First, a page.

1970. The demand for Condrieu had declined for a longer time which also resulted in low prices. Only ten hectares of Condrieu remained. 2013. Still a tiny appellation but now with almost 140 hectares of the difficult to cultivate-Viognier. The reason for the upswing, the boom over the last decades? Have a Condrieu from one of the masters – André Perret for example, introduced in this post – and you will realize that it’s one of the world’s most seductive and fascinating white wines!
A quick introduction to Condrieu & Viognier
First, how much is roughly 140 hectares? To compare, the Chateau of Lafite-Rothschild in Pauillac is around 110 hectares in size. That’s one property. One. In Condrieu more than 70 producers share 140 hectares! Add a quite strict regulation to that, saying 41 hectoliters/hectare in yield as a minimum demand and a further requirement on 6,500 vines/hectare as the minimum density. A quick estimate results in around 5,000 bottles produced/hectare. In other words, Condrieu is still a tiny appellation.
Condrieu is just a few kilometers from Ampuis and the slopes of Côte Rôtie in northern Rhône. Just like its neighbor, Condrieu is all about steep slopes with built terraces to reduce the risk of erosion. The soil is rich in different kinds of granite which is important for the Viognier since granite can keep water. Hence the root system of a Viognier goes deep into the soil and makes it less vulnerable for heat stress and drought.
Having the deep root system in mind, Viognier is still not for the faint-hearted. You need to be a bit crazy and really like the challenge the grape provides you with. Prone to powdery mildew and irregular in flowering which results in low yields. Furthermore, the time of picking is essential because it quickly looses its delicate and floral aroma and becomes fat and oily instead. The pH in a Condrieu normally is around 4, that is, higher than many white wines. The reason for a higher pH can partly be related to the soil being rich in potassium which gives a higher degree. However, the typical bitterness one will find in the taste of a Viognier, balances the pH excellently.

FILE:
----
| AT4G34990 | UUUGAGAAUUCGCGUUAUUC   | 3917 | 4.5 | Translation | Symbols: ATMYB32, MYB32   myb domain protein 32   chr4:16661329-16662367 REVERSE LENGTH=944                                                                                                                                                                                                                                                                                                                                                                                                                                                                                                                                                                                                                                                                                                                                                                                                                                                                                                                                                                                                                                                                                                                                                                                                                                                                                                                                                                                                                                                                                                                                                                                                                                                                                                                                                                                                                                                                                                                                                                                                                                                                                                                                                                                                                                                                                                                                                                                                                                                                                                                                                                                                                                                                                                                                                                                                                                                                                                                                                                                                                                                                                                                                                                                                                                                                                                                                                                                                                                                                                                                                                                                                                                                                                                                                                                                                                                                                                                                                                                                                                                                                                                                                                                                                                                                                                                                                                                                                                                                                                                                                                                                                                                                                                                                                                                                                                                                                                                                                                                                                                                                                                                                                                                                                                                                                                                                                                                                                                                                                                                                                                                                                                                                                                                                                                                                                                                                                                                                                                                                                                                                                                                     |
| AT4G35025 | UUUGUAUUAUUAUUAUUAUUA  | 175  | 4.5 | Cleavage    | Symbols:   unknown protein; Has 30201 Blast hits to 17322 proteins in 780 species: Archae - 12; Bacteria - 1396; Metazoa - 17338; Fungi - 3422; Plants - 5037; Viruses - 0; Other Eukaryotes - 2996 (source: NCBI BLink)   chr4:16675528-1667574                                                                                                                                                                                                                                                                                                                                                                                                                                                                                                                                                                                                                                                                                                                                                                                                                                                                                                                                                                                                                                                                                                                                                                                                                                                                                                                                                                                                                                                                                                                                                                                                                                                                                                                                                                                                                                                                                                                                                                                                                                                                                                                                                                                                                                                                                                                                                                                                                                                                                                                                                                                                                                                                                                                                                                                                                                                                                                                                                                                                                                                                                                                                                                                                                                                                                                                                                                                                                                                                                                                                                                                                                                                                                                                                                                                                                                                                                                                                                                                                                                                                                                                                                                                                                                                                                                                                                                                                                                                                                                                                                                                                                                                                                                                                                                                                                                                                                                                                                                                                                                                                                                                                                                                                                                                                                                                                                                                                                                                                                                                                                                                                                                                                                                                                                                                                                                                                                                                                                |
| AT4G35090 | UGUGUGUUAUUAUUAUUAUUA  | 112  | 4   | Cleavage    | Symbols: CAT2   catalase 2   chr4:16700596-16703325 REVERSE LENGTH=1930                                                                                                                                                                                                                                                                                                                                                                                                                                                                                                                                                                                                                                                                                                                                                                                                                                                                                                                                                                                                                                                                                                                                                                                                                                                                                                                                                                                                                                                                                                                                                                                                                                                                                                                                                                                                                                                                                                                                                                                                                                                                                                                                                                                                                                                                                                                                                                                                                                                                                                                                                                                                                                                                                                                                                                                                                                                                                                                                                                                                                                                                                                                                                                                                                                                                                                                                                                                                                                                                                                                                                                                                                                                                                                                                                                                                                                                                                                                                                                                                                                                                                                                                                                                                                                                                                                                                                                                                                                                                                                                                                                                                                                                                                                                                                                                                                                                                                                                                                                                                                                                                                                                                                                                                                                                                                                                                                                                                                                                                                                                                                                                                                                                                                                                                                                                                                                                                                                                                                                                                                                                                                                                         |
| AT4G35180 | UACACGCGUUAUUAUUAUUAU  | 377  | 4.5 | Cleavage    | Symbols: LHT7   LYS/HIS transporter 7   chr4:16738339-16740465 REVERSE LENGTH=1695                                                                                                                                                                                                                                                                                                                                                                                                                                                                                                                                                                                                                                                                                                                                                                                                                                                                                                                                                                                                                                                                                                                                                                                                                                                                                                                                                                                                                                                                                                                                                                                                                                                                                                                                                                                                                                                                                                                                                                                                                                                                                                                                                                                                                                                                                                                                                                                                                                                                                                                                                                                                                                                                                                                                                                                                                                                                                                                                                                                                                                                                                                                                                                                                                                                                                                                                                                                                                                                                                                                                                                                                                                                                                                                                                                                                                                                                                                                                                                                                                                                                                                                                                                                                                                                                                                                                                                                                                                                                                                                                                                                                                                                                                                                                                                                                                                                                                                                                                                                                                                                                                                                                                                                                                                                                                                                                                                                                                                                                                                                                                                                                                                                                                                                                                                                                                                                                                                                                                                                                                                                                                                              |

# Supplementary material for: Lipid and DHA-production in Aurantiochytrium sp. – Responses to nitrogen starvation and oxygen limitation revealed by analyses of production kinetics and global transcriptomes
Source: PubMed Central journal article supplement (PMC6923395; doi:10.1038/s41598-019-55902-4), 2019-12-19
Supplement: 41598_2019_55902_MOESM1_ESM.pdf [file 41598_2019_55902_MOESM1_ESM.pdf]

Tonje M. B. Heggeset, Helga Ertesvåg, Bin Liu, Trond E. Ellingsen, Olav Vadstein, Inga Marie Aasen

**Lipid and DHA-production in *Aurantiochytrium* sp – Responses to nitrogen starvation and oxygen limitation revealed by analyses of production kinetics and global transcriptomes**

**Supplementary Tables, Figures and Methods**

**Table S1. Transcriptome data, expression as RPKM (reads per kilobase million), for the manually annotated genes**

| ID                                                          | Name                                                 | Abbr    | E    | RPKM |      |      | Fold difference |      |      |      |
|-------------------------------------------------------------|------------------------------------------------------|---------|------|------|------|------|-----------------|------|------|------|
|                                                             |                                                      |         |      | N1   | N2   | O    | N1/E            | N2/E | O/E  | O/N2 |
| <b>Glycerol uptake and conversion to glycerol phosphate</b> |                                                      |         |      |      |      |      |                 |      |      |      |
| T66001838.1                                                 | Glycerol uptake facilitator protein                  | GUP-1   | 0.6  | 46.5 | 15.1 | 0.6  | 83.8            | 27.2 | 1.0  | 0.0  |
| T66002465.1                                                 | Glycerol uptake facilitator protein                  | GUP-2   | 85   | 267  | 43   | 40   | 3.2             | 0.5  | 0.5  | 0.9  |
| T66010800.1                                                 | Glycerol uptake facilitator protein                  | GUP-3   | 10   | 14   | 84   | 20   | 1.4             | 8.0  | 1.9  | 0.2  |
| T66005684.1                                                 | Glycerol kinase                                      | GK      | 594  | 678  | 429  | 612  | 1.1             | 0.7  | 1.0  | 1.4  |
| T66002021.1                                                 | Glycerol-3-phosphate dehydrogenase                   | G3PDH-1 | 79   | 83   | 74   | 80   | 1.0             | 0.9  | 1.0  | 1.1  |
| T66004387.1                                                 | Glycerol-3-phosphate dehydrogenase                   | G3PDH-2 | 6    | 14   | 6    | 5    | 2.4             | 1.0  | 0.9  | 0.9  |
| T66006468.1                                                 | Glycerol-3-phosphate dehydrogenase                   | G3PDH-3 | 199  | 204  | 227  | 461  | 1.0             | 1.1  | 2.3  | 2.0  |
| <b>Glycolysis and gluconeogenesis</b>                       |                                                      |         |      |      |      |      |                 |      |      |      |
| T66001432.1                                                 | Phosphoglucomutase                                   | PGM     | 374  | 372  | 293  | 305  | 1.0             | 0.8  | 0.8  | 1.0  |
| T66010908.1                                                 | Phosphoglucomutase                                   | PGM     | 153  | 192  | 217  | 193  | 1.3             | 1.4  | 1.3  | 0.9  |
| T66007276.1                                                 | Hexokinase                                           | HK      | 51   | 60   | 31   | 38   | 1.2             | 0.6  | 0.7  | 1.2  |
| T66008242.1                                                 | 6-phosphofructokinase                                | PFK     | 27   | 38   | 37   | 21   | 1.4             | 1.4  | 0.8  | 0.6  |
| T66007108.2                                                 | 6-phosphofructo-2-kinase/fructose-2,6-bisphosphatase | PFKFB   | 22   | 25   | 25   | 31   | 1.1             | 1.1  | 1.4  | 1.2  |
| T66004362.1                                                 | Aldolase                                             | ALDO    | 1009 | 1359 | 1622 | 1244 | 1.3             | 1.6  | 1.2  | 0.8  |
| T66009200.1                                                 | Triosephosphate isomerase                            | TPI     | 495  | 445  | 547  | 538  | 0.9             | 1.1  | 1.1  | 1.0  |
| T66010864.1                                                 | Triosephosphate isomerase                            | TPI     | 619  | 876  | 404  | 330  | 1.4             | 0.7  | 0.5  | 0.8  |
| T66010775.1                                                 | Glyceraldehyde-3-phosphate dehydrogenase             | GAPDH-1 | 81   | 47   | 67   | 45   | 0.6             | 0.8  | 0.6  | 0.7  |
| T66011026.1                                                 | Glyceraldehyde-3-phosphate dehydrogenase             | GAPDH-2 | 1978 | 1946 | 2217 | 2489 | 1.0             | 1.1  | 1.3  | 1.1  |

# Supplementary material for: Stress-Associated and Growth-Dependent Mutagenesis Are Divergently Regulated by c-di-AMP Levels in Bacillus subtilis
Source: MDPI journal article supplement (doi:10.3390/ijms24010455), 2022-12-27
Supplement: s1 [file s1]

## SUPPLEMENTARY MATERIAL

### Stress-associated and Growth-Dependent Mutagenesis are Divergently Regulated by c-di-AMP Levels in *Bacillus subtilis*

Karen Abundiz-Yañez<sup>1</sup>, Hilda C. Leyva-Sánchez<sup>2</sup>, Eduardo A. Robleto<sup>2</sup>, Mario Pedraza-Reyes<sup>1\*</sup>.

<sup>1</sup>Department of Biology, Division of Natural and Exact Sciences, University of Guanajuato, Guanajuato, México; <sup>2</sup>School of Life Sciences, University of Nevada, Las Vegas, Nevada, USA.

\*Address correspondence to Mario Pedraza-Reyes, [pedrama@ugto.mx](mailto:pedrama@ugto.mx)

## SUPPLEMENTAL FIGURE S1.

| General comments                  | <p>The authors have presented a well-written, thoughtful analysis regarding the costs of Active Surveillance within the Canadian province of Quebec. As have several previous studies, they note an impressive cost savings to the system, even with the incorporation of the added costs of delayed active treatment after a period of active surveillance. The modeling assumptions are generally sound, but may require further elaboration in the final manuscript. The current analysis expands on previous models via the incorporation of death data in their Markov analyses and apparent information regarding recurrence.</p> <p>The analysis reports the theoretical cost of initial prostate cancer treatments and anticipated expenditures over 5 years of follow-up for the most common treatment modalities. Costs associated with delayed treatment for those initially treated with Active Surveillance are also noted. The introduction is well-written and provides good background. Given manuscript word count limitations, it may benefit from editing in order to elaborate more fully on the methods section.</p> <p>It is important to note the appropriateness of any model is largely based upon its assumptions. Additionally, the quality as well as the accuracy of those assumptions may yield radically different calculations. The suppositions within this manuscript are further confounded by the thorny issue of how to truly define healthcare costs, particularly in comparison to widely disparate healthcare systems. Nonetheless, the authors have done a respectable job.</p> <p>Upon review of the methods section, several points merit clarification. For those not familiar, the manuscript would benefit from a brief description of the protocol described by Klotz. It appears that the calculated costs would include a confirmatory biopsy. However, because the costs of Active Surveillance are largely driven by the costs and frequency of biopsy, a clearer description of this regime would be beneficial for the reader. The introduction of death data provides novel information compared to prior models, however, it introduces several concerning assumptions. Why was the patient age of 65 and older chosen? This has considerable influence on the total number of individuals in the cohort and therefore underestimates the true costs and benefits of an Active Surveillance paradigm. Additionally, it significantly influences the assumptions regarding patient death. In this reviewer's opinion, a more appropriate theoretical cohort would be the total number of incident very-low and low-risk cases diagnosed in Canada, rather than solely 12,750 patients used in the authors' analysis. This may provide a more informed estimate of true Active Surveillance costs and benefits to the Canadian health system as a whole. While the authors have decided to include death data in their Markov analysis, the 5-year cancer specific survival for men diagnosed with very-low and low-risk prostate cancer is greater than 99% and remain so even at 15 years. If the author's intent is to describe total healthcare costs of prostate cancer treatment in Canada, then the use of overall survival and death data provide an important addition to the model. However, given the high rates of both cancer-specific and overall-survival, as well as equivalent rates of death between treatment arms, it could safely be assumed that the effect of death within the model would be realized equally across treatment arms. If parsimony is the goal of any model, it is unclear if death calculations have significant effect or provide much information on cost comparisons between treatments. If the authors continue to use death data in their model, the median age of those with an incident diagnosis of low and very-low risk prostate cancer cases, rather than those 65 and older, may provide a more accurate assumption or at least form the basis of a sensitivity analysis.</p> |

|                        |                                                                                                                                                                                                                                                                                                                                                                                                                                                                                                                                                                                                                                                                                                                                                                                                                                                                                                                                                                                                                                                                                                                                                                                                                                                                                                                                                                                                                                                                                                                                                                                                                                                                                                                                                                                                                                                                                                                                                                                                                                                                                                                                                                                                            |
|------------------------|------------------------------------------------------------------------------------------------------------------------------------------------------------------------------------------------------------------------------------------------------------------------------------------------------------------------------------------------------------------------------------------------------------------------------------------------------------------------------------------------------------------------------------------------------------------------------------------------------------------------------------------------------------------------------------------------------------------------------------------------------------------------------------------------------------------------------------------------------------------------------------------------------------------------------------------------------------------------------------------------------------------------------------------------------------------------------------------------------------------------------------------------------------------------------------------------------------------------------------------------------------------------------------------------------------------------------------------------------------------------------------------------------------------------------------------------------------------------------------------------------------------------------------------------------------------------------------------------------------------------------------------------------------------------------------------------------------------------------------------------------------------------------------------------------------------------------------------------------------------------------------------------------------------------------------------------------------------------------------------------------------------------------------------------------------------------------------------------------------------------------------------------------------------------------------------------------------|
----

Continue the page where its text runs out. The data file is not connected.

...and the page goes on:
I’m meeting André Perret in Ampuis. A humble man who almost blushes when I praise his 2011 Coteau de Chéry. The wine is so good. I want to give the man a hug for showing the world that Viognier belongs to the elite and that Chéry is perhaps the best site of them all. For Viognier. But it’s the way André interprets Chéry that makes it an amazing wine. Forget all you thought you knew about Viognier and pretend you’re having the 2011 Chéry.
The nose offers subtle scents of violets, white peaches, a touch of grass, oozing wet rocks and just a dash of toasted oak. Still young but as elegant as one can dream of. On the palate it’s more stone fruits driven and will most likely surprise many Viognier prejudiced. Again, violets, a dash of oak, wet rocks, a delicate bitterness and alcohol in impeccable balance with the other components. It’s long, precise and the essence of purity. It takes a master to produce stuff like this!
André explains that the vines in Chéry are up to fifty years old and that the yield is extremely low. He also believes the wine need a few years to show at its best, something that contrasts the general view, that Viognier should be drunk as young as possible more or less.
The 2011 Clos Chanson differs from Chéry. It’s more right to it, expressive. Also the toasted oak – André uses a fifth new in this one – is evident at the current stage. Still, it will settle and probably be an even greater wine in a year or so. Floral, wet rocks and peaches mixed with green apples. Lovely concentration and freshness on the nose. On the palate – the old vines has resulted in an impressive body – the Clos Chanson offers great gentle tropical notes, the newly rained dusty summer road, summer flowers and vanilla from the oak. Long, pure and expressive finale.
Rather buy the introduction wine from a top producer like André Perret than the premium wine from a so so estate. The 2011 Condrieu is honestly not a cheap wine and I can understand why when André tells me he’s using grapes from the younger vines at Chéry for this one. That and a parcel in Verlieu. Yet an elegant wine which also in its current phase shows a need for some further aging. Some toasted oak, green apples, newly mowned grass, peaches, violets and net melon. Fine balance, lovely restrained stone fruit and gently toasted oak which is contrasting the nose. Wet rocks and a great purity. Not as intense as the other two but still a top effort.
Does a great Condrieu need oak to be considered great? In my opinion yes, when it is handled the André Perret way. A majority of the oak he’s using is seasoned and he only allows a fifth new every year. All top producers in Condrieu are today most careful with the oak treatment and the style produced, more emphasising stone fruits and wet rocks than a tropical and rich, oily style, makes the wines more similar to a white Bourgogne. A floral Bourgogne that is.
Never cheap, a great Condrieu, but now you know why. The working conditions in the vineyards, the moody Viognier and the few hectares of Condrieu. Having all this in mind, then 50-60 euros for a top effort isn’t much. Is it?
Find the wines of André Perret? Use the wine-searcher box on the top right corner of the site.
For a layman explanation of pH and acidity in a wine, check out Dr. Vinny in Wine Spectator. Otherwise, most of the statistics and technical details were written down at a Condrieu masterclass in Ampuis.
A must read! Chris Kissack’s a k a The Wine Doctor’s, great piece on the Chéry.